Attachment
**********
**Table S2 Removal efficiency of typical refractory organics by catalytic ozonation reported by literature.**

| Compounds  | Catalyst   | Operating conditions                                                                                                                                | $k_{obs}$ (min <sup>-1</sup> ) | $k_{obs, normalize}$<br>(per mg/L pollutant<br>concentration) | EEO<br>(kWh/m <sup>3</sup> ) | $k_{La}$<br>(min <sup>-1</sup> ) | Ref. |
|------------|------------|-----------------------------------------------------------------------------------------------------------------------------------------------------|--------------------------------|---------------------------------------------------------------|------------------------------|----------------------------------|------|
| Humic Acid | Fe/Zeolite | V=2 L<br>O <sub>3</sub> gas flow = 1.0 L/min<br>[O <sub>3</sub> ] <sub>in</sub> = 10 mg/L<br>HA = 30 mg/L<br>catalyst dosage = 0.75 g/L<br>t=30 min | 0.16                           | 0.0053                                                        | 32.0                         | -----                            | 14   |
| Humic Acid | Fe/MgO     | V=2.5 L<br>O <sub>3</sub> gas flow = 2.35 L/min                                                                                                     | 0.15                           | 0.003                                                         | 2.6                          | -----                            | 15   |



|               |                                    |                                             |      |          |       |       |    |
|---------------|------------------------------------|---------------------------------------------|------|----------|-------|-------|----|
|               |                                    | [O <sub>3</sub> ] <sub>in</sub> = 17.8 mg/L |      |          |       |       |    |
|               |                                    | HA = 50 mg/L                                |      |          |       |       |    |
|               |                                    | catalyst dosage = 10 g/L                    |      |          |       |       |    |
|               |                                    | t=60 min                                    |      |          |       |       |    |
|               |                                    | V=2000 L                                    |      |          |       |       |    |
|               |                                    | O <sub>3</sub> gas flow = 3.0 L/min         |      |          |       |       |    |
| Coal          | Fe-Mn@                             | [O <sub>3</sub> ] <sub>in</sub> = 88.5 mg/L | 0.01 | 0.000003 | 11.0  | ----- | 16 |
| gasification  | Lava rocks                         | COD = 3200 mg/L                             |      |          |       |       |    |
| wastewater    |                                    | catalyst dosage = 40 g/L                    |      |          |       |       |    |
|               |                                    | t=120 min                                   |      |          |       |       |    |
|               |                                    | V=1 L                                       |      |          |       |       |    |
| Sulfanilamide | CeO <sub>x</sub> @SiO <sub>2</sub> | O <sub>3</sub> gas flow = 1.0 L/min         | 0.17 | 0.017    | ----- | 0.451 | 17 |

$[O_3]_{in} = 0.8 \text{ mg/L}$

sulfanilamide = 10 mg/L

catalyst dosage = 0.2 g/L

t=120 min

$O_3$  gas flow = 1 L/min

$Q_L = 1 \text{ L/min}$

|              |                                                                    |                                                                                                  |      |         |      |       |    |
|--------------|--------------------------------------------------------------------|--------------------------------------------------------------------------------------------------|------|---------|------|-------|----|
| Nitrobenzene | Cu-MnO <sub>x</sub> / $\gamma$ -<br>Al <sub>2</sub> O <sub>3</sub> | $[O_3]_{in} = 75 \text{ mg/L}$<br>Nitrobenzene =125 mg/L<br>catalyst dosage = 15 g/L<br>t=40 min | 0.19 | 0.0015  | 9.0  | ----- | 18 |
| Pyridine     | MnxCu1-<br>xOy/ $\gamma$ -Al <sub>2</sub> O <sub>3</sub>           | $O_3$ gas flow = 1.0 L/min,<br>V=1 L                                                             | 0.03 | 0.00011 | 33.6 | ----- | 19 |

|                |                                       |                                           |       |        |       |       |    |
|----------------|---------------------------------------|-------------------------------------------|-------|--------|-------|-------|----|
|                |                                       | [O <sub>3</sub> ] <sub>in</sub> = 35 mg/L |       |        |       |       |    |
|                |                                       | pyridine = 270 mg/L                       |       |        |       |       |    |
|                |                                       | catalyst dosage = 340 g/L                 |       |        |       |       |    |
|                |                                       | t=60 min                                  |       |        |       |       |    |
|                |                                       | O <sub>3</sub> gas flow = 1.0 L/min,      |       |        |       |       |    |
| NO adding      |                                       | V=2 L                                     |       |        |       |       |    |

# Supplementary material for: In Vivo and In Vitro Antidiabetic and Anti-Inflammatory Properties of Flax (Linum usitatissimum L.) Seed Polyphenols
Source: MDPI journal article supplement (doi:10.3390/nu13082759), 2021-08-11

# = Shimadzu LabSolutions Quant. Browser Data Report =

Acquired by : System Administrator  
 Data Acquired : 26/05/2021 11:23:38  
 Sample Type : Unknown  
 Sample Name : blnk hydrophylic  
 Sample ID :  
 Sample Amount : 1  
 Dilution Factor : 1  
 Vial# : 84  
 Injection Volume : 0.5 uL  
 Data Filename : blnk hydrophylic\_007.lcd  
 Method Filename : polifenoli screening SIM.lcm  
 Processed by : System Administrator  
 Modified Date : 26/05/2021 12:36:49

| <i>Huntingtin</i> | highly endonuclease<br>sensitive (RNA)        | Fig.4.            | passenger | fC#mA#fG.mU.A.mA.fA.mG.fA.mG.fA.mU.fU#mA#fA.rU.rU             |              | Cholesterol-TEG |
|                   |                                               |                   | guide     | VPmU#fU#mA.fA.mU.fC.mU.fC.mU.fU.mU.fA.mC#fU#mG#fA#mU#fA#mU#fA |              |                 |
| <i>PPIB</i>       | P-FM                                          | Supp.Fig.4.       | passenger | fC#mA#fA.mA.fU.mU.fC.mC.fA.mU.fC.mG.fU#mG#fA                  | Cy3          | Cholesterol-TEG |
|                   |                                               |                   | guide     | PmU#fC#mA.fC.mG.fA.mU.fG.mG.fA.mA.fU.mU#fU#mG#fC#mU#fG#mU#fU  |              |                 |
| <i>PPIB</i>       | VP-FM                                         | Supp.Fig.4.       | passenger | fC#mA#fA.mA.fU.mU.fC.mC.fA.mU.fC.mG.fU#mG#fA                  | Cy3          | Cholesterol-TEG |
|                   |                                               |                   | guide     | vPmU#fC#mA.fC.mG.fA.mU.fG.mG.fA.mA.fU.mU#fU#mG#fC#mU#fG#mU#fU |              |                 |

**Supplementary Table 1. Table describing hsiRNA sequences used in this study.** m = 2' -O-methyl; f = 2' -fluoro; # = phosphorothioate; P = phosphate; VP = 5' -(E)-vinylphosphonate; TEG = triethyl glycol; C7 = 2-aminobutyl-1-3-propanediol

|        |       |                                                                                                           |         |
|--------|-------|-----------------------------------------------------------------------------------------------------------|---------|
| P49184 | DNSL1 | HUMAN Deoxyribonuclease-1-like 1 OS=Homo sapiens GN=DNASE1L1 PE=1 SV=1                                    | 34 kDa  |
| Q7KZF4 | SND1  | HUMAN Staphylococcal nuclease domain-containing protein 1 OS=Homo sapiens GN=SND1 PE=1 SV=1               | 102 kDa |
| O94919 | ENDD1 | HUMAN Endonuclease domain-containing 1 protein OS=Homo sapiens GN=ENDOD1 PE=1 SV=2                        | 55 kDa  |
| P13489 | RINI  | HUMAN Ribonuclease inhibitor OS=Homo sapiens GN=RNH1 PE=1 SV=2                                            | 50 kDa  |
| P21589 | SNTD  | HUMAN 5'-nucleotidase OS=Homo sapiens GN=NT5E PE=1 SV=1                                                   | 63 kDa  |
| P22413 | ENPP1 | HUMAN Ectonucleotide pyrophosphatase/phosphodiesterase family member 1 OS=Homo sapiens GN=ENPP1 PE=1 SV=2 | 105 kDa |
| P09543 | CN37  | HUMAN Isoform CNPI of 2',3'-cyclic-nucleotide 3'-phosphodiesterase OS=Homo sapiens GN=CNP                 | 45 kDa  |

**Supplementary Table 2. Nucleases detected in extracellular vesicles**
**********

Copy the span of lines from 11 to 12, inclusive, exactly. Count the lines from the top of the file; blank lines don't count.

|               |                                    | t=60 min                                    |      |          |       |       |    |
|               |                                    | V=2000 L                                    |      |          |       |       |    |